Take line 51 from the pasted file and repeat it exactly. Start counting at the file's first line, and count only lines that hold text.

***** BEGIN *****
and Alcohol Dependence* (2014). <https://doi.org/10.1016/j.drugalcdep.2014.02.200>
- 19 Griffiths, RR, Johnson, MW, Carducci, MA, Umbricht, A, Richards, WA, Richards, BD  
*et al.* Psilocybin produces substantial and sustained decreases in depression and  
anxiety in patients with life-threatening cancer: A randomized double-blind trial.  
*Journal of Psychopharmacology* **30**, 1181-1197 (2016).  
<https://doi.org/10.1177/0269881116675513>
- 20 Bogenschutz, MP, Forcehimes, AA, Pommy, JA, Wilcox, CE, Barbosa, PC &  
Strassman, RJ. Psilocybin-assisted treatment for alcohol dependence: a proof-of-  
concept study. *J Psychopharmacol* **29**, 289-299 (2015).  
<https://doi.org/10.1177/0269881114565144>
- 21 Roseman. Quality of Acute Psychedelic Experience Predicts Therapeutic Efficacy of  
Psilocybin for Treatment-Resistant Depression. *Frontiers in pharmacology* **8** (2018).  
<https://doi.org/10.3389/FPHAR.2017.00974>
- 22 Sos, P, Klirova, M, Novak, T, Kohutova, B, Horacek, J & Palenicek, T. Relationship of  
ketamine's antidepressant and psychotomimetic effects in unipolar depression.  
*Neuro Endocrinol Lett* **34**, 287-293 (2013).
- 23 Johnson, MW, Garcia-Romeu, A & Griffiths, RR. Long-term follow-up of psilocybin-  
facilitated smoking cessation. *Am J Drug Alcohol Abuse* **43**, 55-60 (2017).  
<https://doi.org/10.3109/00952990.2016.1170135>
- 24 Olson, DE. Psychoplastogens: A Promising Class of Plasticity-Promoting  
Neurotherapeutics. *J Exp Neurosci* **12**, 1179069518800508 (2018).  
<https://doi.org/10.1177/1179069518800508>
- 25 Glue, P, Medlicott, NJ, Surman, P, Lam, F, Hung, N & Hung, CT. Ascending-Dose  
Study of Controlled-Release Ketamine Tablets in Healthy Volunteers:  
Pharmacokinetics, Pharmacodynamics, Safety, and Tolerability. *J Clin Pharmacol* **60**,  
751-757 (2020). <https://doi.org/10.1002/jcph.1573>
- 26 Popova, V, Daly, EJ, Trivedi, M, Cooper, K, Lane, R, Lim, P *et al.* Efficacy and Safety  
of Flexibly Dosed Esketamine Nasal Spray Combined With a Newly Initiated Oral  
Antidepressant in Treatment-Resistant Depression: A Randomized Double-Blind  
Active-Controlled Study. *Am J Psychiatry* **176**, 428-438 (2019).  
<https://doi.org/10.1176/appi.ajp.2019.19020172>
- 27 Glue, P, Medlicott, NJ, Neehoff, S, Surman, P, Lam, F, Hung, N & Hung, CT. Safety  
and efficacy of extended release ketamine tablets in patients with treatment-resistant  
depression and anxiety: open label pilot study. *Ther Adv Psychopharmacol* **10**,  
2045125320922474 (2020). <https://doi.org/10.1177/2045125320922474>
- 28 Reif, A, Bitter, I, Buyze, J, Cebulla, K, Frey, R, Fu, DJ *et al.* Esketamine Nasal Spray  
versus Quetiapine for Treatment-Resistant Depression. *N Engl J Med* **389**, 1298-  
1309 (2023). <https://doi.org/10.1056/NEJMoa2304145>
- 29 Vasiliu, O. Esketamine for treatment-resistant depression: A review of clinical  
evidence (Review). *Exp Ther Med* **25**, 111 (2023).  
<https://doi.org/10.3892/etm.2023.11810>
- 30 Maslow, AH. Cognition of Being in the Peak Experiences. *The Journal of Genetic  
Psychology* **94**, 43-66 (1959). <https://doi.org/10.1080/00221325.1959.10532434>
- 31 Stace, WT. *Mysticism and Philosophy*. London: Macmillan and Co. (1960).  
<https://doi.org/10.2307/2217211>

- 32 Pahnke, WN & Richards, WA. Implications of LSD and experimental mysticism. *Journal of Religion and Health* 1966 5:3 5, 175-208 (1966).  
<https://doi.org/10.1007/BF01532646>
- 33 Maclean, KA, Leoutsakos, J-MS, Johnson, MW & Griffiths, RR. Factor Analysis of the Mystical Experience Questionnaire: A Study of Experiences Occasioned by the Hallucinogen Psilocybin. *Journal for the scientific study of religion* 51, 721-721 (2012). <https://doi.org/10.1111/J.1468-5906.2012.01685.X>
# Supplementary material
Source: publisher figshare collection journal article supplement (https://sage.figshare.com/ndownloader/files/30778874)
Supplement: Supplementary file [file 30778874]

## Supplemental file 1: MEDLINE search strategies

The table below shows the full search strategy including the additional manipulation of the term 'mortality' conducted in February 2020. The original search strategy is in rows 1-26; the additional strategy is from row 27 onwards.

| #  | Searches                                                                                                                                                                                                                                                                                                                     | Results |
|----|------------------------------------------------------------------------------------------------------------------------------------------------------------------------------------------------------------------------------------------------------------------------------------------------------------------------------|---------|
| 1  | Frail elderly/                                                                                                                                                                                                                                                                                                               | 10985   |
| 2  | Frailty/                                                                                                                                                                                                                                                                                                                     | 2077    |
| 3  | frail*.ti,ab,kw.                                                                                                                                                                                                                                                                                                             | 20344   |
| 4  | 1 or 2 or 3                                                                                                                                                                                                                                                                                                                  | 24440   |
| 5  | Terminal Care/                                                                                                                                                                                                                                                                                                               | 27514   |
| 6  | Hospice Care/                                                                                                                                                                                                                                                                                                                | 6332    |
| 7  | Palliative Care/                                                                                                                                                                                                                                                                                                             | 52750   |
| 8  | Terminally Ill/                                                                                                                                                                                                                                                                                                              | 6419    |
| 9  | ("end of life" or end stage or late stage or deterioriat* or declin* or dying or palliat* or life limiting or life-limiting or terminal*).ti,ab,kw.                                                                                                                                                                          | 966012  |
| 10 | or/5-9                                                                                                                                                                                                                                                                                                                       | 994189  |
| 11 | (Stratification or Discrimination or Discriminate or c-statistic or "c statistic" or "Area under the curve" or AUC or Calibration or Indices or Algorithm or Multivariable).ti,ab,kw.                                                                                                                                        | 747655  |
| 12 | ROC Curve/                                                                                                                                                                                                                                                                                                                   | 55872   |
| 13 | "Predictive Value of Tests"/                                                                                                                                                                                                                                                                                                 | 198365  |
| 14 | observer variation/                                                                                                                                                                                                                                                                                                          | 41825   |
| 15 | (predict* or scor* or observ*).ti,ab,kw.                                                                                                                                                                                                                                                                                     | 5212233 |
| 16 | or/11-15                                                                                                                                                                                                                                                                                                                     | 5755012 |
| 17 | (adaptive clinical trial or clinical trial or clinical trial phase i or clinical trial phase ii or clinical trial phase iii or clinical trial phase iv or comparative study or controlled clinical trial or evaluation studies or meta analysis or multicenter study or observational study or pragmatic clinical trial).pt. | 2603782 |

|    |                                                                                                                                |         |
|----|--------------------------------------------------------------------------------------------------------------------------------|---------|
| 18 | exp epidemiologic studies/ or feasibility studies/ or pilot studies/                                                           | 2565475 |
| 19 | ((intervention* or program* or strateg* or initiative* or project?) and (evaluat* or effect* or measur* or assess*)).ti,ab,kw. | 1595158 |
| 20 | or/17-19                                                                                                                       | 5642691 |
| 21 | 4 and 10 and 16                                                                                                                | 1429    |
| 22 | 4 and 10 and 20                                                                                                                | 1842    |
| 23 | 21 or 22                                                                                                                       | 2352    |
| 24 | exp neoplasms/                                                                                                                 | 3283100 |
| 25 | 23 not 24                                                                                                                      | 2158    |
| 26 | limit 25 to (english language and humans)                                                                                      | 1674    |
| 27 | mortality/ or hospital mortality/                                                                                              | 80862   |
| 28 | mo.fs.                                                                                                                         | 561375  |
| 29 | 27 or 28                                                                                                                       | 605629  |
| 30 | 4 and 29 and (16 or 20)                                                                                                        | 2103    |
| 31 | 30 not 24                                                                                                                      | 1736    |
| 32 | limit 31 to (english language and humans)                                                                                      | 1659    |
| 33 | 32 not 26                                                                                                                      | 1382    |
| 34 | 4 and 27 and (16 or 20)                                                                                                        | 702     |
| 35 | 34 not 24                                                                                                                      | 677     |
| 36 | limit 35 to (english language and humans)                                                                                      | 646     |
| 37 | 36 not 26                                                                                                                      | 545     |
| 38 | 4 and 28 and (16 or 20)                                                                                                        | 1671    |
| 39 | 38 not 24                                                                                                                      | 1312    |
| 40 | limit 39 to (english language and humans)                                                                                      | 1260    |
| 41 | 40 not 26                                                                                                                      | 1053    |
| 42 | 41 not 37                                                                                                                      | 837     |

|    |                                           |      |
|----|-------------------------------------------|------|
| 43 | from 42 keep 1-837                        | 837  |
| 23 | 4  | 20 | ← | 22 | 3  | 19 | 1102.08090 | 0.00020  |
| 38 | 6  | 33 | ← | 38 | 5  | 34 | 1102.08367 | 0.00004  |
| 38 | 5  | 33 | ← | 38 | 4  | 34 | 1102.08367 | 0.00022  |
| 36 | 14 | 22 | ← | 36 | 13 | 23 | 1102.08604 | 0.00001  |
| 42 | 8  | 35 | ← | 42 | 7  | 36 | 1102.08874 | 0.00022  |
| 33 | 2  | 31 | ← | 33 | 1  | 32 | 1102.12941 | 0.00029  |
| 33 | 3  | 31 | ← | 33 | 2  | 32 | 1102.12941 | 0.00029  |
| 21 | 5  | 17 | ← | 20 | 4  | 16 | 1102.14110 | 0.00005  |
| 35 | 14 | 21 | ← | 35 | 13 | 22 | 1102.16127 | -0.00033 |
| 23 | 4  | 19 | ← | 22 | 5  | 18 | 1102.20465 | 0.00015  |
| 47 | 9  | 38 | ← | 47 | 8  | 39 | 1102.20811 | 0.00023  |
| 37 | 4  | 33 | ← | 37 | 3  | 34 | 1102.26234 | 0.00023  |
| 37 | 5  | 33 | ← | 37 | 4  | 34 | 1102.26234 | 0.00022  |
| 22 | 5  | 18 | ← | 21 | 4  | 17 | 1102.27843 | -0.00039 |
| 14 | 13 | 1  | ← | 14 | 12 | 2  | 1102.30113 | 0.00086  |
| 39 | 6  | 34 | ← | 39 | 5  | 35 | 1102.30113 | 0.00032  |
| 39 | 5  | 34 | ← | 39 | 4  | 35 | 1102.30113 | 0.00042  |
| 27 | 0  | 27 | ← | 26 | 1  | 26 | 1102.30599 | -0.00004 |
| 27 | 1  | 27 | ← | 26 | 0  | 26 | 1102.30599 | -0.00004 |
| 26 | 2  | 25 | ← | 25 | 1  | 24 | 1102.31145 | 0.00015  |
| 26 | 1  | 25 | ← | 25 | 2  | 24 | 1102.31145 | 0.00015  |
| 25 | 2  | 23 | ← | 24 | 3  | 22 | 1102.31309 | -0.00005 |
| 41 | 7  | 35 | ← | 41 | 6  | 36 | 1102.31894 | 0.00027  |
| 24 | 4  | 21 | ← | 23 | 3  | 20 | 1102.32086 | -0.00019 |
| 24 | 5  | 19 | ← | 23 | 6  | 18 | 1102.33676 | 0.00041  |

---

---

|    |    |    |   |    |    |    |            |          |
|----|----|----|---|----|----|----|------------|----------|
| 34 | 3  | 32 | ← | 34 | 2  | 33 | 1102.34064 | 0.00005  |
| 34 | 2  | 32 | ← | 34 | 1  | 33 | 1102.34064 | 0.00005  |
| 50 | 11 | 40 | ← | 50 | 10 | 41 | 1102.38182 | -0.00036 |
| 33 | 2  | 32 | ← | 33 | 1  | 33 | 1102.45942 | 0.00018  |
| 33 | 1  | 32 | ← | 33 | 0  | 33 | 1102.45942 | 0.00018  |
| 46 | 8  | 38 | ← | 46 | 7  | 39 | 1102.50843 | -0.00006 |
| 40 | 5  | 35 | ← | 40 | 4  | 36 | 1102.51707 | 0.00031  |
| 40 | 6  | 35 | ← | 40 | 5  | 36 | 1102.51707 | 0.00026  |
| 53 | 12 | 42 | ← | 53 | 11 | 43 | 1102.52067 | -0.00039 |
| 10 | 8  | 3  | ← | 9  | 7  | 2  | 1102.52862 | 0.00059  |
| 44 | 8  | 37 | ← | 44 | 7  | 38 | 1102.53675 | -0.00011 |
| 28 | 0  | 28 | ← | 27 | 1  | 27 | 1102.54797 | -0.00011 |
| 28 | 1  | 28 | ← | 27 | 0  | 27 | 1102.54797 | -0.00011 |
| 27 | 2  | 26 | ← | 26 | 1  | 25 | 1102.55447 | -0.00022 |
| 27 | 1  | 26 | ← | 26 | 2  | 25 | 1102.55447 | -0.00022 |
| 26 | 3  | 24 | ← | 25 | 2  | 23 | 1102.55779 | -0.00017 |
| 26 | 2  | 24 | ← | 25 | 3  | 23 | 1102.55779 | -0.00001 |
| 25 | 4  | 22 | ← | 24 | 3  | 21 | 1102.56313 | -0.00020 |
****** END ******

Supplement: Supplementary file [file 30778874]